May 10, 2013 by George Arnett
The press have been attacked pretty regularly for their depictions of young people. Last year, the Youth Media Agency-led #presschange4youth made a submission to the Leveson Inquiry highlighting many of the media’s problems. But looking below the (comment) line reveals some even more questionable views being published.
I decided to take the comments from three tabloid newspaper websites made in response to probably the biggest recent story featuring a youth under scrutiny – Kent’s Youth Police Commissioner Paris Brown resigning over her controversial tweets.
It is definitely worth saying that these are isolated examples of comments made on each page – many commenters are reasonable and measured – but I want to get at whether it is ok for these sorts of opinions to be hosted on articles about young people.
Firstly, the Mail on Sunday infamously broke the story with the “Is this foul mouthed self obsessed Twitter teen really the future of British policing?” What were the comments like on that newspaper’s website the MailOnline?
Brown got insults about her appearance:
Questions about her employment:
And just plain abuse:
Onto The Sun – Britain’s most read tabloid newspaper. On their story, some commenters were, again, quite insulting about Brown’s appearance:
Finally, the Daily Mirror’s article. This paper’s comment system is locked into Facebook – an interesting choice which many pundits have said leads to slightly less severe views being aired. But this one got through:
Done without thinking
When young people – particularly when it is one specific young person – are the subject of a controversial news article, is it right that abuse should be aired about that person relatively openly?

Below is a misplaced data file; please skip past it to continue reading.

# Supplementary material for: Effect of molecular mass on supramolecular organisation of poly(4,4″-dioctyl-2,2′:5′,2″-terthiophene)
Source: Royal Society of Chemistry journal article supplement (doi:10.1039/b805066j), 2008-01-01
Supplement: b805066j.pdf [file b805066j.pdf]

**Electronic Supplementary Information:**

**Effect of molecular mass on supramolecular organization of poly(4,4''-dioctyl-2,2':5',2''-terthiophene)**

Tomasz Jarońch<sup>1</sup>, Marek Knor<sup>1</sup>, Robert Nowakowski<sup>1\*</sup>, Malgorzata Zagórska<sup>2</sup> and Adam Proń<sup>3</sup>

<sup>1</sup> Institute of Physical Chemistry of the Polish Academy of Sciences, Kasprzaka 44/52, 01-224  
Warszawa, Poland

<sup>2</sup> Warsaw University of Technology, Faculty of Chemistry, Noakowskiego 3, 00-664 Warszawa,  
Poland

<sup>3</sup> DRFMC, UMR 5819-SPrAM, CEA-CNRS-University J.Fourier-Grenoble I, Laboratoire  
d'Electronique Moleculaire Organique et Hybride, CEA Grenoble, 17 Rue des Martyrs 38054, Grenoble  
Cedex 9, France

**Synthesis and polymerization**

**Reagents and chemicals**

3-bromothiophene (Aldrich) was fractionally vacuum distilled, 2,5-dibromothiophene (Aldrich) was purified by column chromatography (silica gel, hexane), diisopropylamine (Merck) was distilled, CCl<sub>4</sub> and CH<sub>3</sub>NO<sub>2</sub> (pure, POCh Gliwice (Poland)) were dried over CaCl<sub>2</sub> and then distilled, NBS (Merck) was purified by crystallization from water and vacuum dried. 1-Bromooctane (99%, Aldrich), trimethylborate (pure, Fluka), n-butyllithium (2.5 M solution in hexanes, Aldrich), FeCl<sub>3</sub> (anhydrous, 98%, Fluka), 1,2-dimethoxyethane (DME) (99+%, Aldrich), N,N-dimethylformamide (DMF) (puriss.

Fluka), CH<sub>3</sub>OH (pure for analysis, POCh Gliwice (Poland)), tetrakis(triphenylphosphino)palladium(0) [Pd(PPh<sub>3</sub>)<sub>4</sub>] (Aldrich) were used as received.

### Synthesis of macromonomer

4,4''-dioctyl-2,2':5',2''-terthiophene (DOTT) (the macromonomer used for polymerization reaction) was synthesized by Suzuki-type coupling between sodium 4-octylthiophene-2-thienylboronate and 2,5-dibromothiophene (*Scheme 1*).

Susana Giner, Director of the Youth Media Agency, said: ”We need to ensure that young people are not open to public abuse online. It is unfair that young people can be called names and judged online by anonymous comments. All media need to be mindful of taking down negative responses as soon as possible or disabling the possibility of commenting on stories about young people under 18 in the first place.”
Social media bringing new possibilities and dangers
As Paris Brown has realised in these dramatic circumstances, teenagers have to be careful about what they post online. Anything controversial they may post might come back to haunt them when they approach the job market.
Natasha Turberville works with Online Youth Outreach to do digital education courses with both young people and teams who work with them. She is a qualified youth worker and she has blogged on how Paris Brown’s case could have ended very differently.
She told us: “The teens of today are the first generation experiencing that the things that you share between your friends that you share in conversation – stupid things that you’ve done as part of that growing up experience – they’re now living it online. This is the first generation of young people that are doing that.”
For Natasha the abusive way that some internet commenters spoke about Brown reeked of irony.
“They would never say that to her face. They feel free to be abusive – it’s abuse because it’s safely on the computer. That behaviour is exactly the same as the thing that they are commenting on. I decide not to read them because they just makes me really angry.”
To test this out further I scraped the “latest ten comments” since late 2009 from articles on the MailOnline’s website that included the terms “Young Offender’s Institute”. I then removed any where I thought the young offender – or the young offender’s institute – did not seem to feature prominently in the story.
I have turned them into a word tree, a visualisation which allows you to put in any word and then get the words that follow on from it sequentially. For example, if you were to put in “young” (without the quotation marks), it would come up with every word that came after “young” in any of the comments.
The visualisation will only work on flash-enabled browsers such as Firefox (it will not work on Chrome unfortunately). It got a bit testy because some stories involved a younger offender and older offender being tried together, other stories saw non-juveniles being sent to YOIs – I decided to leave both those scenarios in because of their relationship to YOIs. You can check out the stories and the comments in full in the spreadsheet: Get the data.
Have a play and see if you can find anything interesting…
Some of the better results that I have come out with: